The issue of being 7 or 8 years old when an ogre appears in your life disguised as a messiah is a terrible fact. And it occurred in my poor and unusual story, that when I was 7 or 8 years old, Fidel Castro appeared in Cuban history and took power. And from there, everything in Cuba began to become “exceptional.” Exceptional in the most pejorative sense of the word. Because the deception was for the worse not the better.
As a child, I was taught under the ideological standards [of communism]. Since childhood they instilled in me ideas which didn’t mesh with the national, republican ideals that previous generations had learned. Therefore I was a Pioneer, I studied in a highly ideological school, in a highly ideological secondary school; I say secondary because here in the United States secondary is what is called high school and it’s a highly ideological institution. I tried to comprehend the government’s formula of social economics which was being…or better said, had been installed in my country. I asked myself many questions and I didn’t have answers for them.
I discovered that my country was wandering with no purpose and towards nothing. It’s precisely that in 1980 in front of purely fascist events [by the government], brutal acts that were directed against the Cuban population wanting to leave the country through the port of Mariel and the events at the Peruvian embassy, which led me to understand that I was living inside a broken society, anti-democratic, totalitarian, and quite parallel to fascism. Because between totalitarian communism and fascism, the differences are very scarce and barely ideological.
[Pioneer movements are a common feature in communist societies. They are youth organizations operated by the party that indoctrinate students in communist ideology. In April 1980, thousands of Cubans seeking asylum stormed the Peruvian embassy. The incident attracted international attention and put pressure on the regime to relax its emigration restrictions; Mariel Port became the primary exit point for Cubans fleeing the country. Fidel Castro (1926 - ) led the Cuban Revolution and seized power in 1959. He established a communist dictatorship in Cuba and led the country until 2008.]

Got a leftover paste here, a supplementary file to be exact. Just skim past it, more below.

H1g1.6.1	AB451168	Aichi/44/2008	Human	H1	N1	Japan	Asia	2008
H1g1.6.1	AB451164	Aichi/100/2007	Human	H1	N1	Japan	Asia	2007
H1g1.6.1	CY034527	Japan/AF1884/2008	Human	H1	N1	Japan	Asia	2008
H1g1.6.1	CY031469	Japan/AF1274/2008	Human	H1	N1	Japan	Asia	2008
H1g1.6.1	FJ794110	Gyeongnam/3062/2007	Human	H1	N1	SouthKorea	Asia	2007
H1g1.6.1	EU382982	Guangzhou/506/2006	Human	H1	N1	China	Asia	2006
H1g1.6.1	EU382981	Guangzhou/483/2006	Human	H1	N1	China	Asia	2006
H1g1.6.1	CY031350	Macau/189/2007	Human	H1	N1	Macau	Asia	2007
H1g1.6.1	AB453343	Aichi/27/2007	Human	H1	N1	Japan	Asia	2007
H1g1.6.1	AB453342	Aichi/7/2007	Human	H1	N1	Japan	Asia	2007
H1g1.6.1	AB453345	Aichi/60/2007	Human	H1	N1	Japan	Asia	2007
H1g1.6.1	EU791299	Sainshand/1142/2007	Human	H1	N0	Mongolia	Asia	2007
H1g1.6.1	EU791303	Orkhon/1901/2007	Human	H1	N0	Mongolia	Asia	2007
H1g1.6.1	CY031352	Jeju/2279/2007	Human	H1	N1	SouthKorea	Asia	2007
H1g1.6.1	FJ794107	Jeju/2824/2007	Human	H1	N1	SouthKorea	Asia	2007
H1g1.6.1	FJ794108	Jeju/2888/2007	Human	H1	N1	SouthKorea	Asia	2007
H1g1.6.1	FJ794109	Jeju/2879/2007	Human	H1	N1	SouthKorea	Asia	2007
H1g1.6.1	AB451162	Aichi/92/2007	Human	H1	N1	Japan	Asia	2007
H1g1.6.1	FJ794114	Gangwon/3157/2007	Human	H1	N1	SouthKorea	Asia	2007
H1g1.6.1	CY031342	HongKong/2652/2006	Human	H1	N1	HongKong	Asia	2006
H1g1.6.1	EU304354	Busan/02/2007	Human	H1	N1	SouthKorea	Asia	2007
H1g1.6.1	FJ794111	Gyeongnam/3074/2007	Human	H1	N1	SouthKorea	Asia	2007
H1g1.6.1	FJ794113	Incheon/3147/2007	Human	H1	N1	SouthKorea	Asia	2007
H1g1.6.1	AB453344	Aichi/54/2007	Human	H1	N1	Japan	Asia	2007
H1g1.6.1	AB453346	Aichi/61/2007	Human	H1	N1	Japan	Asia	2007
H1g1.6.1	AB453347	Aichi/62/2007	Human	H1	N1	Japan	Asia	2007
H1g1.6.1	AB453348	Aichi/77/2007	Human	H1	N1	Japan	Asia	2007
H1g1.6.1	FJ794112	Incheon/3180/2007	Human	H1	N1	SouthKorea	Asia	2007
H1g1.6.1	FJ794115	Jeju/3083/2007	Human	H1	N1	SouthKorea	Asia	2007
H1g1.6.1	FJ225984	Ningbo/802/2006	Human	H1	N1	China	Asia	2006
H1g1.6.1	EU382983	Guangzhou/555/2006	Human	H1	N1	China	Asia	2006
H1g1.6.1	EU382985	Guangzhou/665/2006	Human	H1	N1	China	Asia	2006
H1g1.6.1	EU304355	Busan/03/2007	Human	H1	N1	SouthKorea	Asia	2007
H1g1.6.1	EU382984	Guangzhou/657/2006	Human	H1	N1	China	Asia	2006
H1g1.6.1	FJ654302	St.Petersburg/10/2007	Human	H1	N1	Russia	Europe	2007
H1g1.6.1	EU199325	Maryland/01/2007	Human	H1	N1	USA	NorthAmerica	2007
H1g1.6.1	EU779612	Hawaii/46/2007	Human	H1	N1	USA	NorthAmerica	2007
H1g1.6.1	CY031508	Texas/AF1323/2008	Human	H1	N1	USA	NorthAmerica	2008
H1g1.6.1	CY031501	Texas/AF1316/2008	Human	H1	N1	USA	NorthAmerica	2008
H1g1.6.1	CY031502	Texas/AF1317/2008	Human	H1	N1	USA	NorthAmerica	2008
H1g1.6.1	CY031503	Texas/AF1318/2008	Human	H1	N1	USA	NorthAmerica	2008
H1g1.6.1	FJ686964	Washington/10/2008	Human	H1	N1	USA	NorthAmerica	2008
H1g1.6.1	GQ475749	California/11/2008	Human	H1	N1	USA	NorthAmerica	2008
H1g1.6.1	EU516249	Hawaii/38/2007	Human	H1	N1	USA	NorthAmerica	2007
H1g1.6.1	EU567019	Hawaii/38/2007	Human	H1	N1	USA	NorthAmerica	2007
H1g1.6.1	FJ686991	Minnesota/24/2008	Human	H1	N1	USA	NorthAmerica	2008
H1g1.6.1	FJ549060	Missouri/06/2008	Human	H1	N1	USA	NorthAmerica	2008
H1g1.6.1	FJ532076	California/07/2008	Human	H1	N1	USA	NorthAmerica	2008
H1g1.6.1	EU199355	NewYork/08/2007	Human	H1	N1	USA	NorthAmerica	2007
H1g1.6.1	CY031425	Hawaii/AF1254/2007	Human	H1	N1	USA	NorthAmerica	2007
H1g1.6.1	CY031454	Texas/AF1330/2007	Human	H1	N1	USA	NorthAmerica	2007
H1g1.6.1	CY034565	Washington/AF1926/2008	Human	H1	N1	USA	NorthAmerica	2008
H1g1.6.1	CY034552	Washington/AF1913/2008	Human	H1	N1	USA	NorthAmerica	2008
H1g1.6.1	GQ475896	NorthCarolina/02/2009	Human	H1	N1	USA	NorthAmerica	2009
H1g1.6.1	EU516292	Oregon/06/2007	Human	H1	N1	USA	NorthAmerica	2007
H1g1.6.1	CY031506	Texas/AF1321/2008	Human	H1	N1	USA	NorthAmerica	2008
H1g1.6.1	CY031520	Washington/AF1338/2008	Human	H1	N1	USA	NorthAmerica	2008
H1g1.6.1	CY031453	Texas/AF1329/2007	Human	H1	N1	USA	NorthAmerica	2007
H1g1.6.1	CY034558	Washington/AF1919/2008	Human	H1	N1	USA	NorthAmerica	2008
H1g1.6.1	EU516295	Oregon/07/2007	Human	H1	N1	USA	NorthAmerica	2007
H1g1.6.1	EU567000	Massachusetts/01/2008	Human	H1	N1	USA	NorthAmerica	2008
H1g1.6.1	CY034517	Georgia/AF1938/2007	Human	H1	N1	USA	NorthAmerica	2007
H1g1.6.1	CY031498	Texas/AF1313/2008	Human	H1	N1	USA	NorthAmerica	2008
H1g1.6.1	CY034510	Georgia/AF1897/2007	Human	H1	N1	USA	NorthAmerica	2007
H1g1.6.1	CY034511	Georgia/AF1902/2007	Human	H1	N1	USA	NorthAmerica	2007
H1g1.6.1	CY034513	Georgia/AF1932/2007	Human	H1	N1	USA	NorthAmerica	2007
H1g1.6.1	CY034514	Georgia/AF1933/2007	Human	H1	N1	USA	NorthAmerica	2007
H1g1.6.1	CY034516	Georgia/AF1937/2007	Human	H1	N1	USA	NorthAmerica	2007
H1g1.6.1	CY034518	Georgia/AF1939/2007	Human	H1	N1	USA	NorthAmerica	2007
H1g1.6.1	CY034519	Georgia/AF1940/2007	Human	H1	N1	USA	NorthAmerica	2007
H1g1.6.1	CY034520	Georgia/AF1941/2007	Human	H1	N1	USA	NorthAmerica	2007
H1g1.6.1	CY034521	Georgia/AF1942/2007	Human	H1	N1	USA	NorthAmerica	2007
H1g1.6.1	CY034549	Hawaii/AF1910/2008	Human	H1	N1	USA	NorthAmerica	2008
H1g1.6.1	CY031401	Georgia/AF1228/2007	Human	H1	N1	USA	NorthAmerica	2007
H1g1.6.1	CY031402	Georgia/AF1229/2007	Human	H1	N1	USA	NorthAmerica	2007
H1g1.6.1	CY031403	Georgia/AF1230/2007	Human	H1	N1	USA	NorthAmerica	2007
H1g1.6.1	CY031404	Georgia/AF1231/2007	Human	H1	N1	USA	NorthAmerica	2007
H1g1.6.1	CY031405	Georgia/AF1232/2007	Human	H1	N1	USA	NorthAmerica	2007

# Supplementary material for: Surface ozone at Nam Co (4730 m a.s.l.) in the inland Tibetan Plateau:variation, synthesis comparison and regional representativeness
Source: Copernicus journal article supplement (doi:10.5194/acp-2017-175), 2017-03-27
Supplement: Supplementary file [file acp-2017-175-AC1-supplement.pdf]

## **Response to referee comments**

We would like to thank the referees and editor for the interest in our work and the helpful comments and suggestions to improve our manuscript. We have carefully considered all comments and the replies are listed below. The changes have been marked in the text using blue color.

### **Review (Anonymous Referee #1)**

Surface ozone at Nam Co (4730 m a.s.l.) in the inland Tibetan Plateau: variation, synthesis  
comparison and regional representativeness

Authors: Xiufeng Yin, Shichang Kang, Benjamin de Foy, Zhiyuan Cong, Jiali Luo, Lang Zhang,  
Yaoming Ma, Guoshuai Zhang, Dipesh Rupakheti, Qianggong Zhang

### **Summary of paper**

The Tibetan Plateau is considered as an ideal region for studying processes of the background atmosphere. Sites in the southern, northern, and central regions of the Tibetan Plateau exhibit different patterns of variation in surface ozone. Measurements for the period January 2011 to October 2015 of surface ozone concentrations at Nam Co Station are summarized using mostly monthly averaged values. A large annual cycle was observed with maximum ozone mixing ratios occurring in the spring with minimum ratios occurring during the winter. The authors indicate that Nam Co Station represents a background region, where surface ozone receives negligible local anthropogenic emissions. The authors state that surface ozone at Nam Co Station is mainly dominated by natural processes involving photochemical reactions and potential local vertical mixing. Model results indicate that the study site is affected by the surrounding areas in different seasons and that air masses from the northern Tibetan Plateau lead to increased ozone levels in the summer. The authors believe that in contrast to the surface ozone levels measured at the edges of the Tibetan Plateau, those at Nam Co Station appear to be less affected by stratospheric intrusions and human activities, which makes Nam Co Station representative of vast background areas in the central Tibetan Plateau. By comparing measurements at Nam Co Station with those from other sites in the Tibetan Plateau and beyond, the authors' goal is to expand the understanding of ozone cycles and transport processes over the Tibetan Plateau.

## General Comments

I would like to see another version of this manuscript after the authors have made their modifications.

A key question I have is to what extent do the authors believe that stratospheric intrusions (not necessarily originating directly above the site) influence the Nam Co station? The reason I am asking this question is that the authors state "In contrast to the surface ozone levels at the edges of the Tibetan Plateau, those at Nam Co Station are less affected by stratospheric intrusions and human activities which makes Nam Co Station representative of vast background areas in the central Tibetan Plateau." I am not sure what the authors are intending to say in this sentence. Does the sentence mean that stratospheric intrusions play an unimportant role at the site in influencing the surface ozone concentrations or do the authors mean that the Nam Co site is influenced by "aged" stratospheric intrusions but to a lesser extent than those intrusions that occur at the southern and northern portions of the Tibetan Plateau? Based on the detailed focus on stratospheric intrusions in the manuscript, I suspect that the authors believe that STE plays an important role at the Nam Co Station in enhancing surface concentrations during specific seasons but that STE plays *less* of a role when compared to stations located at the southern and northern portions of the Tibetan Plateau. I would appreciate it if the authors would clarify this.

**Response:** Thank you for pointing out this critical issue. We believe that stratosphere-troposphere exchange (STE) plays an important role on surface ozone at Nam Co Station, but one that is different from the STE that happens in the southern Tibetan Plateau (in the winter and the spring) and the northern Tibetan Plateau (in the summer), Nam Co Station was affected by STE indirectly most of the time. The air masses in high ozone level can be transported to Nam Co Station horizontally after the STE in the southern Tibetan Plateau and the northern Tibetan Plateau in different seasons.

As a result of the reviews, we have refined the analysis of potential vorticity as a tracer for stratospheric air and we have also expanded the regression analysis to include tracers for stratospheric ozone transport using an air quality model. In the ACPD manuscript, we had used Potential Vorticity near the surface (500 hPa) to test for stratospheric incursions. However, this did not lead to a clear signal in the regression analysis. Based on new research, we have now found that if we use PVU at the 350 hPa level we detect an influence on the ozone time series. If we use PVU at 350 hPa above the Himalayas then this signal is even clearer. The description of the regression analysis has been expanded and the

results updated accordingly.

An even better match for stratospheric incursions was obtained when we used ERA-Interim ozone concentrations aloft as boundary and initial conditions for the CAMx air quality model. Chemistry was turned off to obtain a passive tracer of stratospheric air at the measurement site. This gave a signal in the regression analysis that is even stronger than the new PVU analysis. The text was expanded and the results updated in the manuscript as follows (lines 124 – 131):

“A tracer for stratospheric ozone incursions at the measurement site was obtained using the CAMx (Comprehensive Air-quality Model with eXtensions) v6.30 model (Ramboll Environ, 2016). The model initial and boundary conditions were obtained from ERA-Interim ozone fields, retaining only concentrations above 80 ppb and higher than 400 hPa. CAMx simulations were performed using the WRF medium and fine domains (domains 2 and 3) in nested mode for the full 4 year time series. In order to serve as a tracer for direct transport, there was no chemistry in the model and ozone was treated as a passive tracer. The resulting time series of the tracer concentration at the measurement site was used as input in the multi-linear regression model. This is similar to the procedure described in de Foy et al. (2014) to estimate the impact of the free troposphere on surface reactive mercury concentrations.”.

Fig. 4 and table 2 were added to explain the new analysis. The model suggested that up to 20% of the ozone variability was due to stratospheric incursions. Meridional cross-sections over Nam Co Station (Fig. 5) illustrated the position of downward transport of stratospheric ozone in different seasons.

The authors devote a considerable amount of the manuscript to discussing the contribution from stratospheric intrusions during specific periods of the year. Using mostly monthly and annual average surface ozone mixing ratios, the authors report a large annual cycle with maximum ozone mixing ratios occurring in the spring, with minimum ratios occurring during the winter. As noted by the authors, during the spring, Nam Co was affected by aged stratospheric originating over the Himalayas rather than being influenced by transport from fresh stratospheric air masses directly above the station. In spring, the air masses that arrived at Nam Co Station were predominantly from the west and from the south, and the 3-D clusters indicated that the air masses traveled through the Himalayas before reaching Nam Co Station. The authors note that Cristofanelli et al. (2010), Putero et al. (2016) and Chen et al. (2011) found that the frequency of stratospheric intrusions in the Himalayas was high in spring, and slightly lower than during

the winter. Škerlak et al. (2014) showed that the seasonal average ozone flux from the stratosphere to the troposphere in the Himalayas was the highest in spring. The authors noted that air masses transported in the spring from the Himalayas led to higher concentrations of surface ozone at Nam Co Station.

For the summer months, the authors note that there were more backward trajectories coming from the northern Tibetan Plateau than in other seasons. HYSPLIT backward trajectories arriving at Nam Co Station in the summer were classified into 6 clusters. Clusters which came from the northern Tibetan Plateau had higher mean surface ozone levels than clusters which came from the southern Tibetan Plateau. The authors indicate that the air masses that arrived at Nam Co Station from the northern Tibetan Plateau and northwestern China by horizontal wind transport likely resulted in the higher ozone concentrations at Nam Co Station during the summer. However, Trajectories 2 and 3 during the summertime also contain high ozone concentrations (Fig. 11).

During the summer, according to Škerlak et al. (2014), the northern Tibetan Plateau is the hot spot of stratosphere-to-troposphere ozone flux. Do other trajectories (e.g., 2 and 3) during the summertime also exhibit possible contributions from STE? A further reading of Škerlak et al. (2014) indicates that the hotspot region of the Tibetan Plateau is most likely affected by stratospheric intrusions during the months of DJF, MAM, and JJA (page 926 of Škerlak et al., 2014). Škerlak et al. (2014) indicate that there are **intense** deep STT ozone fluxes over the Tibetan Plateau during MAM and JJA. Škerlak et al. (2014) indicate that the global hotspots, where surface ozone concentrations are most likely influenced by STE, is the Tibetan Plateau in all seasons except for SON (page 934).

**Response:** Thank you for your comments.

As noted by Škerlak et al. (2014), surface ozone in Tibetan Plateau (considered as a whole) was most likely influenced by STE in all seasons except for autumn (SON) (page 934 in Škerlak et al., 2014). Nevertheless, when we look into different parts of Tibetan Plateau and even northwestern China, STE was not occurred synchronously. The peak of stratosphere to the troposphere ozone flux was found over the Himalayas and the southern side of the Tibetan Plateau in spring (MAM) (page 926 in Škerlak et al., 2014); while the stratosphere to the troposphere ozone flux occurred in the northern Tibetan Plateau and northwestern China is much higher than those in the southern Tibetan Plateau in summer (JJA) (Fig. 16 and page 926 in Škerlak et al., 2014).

From there I had the noble occupation of teacher. I was a professor of physics, chemistry, and mathematics at the secondary and pre university level which they call middle school and high school here [United States]. Later I began to work as a literature advisor to the Ministry of Culture because I had graduated from college as a philologist [one who studies the relationship of languages to one another, and their history, especially based on the analysis of texts], better said I am licensed in Languages in Pan American and Cuban Literature with a little bit of art history and philosophy, etc…which was originally called in Cuba a Doctor of Philosophy and Letters; a career that, of course, one knows a lot but doesn’t really do a lot…one would say it’s not that practical.
After being a teacher I began to work as an advisor of literature in the Ministry of Culture which is really what I like to do; write, create literature and books. I won some national prizes, for literature and also for journalism. I made some trips outside of the country and discovered that the world was not small, like our Cuban village. And I better understood that phrase written by [Jose] Marti that says, "The prideful villager thinks his hometown contains the whole world." Because we thought that Cuba was the center of the world but in reality the world is, as the writer Pio Baroja said, “wide and strange."
[Jose Marti (1853 – 1895) is recognized as Cuba’s national hero. Marti was a writer and essayist who advocated for Cuban independence from Spain. Pio Baroja (1872 – 1956) was a Spanish novelist.]